BI Software Trends


The time has passed that BI software was used exclusively by large companies. An increasing number of medium-sized and small companies are successfully investing in business intelligence software or considering doing so. Five trends about the use and application of business intelligence software can be read below.

Many organizations wonder what they can expect from BI. They want to know what the possibilities are, what is wise to do and which decisions they shouldn't make.

Already 5 Business intelligence trends

We can identify five trends in the field of BI software:

1. Proactive

The vast majority of business intelligence solutions are used as 'reactive'. The solutions make historical analyzes of business data. This happens every week, month or year. Looking back on past results, predictions are made for the future. This is very valuable for improving decision-making processes. The problem is that a company with reactive business intelligence gets little return from the speed with which business data becomes available today.

If your company wants to be able to apply 'real-time analytics' and get the most out of it, it has to change. Business intelligence is increasingly being applied 'proactively'. This means that relevant changes in business data are immediately signaled by a BI when they are implemented. A good example is that of a manager who - fully automated - receives an alert through a BI system if something unusual occurs. If the BI system then continues to analyze immediately, then the right information is quickly available on the basis of which the (well-informed) manager can make the right decision. The problem is solved immediately and doesn't remain unused for days.

2. More efficiency with self-service BI software

Employees in an organization that use business intelligence have always been heavily dependent on the IT department. If a department needed reports, it was not uncommon that people had to wait long for an IT person to be available. The only alternative was to go back 'anyway' to programs such as Excel, with which a department could make its own reports. Because BI solutions become easier to use and, moreover, more focused on the experience of end users, more and more self-service solutions are coming onto the market. Business intelligence is increasingly becoming a part of the end user and not just of IT departments. This increases the efficiency of BI.

3. Visualize data

By applying self-service BI, the use of business intelligence is shifting to the end user. This creates a growing demand for ways to easily visualize company data. Company data and analyzes thereof must be understandable for everyone, not just (technical) analysts. A trend in BI country is that suppliers improve their data visualization for all levels of users.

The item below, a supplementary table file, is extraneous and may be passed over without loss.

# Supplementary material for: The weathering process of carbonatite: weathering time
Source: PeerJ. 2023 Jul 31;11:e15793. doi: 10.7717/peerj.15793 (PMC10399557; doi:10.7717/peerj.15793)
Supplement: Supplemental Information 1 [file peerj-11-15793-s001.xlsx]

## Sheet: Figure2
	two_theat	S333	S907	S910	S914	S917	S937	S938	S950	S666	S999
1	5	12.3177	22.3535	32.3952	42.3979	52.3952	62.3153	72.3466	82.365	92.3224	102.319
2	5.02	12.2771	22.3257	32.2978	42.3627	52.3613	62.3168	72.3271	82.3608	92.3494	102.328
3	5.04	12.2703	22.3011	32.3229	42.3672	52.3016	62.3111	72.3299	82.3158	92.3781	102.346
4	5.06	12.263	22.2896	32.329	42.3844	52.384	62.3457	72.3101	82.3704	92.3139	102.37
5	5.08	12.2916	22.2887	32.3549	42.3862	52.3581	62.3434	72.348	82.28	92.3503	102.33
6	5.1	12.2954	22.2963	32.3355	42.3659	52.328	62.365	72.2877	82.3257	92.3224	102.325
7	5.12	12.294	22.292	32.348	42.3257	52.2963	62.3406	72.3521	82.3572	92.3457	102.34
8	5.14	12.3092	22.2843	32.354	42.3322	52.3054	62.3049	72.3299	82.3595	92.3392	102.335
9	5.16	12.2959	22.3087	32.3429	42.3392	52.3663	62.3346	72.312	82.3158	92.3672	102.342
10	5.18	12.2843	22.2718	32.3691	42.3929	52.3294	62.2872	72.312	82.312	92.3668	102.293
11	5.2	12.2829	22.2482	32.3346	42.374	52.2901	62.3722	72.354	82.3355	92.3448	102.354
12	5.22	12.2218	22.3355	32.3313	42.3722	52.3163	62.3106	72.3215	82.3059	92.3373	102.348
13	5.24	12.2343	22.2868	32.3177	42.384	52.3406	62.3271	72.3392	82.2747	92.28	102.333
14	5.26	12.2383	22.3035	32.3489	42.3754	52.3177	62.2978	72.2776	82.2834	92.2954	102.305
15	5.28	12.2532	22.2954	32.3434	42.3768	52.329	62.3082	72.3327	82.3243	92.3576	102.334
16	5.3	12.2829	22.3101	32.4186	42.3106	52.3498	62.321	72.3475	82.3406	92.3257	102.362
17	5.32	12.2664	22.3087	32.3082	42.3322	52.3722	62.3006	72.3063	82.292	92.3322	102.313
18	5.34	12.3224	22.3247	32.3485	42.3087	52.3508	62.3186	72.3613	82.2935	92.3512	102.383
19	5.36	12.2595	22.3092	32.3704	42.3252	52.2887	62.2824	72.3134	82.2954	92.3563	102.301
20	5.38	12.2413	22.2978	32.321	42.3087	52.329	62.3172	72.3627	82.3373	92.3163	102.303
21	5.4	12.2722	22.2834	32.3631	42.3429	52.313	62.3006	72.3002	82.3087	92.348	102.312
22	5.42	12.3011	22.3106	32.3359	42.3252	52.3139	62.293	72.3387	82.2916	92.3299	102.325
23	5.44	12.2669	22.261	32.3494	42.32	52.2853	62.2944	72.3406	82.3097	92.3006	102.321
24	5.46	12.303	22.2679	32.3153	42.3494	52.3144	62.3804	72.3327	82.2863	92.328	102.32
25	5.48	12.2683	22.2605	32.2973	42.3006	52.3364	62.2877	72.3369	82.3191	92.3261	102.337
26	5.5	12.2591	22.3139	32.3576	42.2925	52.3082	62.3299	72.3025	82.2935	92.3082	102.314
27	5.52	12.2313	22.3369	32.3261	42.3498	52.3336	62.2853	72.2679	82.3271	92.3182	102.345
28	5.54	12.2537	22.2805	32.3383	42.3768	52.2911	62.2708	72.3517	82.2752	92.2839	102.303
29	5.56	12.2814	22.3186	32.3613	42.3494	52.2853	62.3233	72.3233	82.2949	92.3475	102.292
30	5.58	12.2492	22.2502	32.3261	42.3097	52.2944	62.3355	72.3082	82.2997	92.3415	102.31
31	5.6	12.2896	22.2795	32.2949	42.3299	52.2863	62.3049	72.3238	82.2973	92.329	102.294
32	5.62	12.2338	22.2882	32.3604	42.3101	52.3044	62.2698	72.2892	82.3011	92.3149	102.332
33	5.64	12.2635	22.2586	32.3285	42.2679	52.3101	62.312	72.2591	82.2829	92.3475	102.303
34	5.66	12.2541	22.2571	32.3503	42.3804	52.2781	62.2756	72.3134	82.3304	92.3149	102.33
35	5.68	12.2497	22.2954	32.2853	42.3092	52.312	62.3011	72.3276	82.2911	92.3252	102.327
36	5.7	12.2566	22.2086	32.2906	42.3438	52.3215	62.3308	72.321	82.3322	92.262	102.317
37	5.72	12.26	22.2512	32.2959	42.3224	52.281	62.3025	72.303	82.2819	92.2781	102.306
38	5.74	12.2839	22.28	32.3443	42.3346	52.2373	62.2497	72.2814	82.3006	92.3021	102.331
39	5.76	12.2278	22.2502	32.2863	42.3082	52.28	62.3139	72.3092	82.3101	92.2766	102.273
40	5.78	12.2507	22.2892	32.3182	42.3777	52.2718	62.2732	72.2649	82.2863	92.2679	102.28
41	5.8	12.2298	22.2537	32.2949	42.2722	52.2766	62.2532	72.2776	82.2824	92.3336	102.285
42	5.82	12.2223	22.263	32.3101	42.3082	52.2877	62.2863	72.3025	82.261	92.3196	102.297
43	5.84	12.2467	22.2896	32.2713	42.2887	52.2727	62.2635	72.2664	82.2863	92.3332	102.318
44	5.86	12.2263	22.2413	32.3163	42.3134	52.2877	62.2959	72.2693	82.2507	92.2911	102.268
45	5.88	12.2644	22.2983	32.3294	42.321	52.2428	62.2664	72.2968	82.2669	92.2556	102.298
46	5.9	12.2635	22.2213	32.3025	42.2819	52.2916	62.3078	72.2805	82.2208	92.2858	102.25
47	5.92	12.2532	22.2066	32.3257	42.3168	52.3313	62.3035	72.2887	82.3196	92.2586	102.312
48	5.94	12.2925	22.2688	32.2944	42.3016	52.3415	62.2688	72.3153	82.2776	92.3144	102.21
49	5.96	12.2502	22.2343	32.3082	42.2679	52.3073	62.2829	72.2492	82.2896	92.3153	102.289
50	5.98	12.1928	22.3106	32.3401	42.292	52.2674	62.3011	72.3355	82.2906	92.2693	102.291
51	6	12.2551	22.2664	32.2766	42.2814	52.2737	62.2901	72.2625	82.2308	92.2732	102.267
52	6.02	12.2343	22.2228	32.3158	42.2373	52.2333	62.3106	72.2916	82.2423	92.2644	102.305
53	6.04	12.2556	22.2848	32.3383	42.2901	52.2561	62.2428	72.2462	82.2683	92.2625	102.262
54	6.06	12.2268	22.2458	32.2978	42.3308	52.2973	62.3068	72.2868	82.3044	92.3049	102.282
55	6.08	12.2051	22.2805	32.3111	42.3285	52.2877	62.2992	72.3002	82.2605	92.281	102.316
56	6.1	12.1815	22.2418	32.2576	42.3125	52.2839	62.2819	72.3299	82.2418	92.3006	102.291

Story telling plays an important role in the latest products from suppliers such as QlikView. Information and analyzes made on the basis of this with the help of business intelligence are presented in such a way that everyone in a business can handle it. This promotes decision-making in an organization.

4. Cloud computing

Cloud computing is a trend in IT, and certainly also when it comes to business intelligence. BI in the cloud isn't new. What is new is that the reluctance of end users due to risks in terms of reliability, safety and sustainability is gradually disappearing. At the same time, the benefits are increasingly being embraced. Consider scalability, flexibility and lower costs. Another reason that more and more companies are opting for BI in the cloud is that the enormous amounts of data and the speed of data make managing a BI system in-house increasingly difficult. The cloud is maturing, and more and more companies will bring their BI there.

5. Mobile BI software

The mobile variant of business intelligence is also becoming more and more mature. All major suppliers are investing heavily in further optimization and promotion of their mobile BI propositions. The mobile world is no longer limited to the mobile phone or smartphone. We have the tablet, and now also have to deal with 'wearables', such as watches and glasses. These 'gadgets' all have their own screen sizes and interfaces. In the longer term, the next step in the development of business intelligence could be an adaptation to the 'multiscreen world' that's always connected to the internet. In the future, BI may provide real-time information through any screen format or interface, exactly when a user needs that information.

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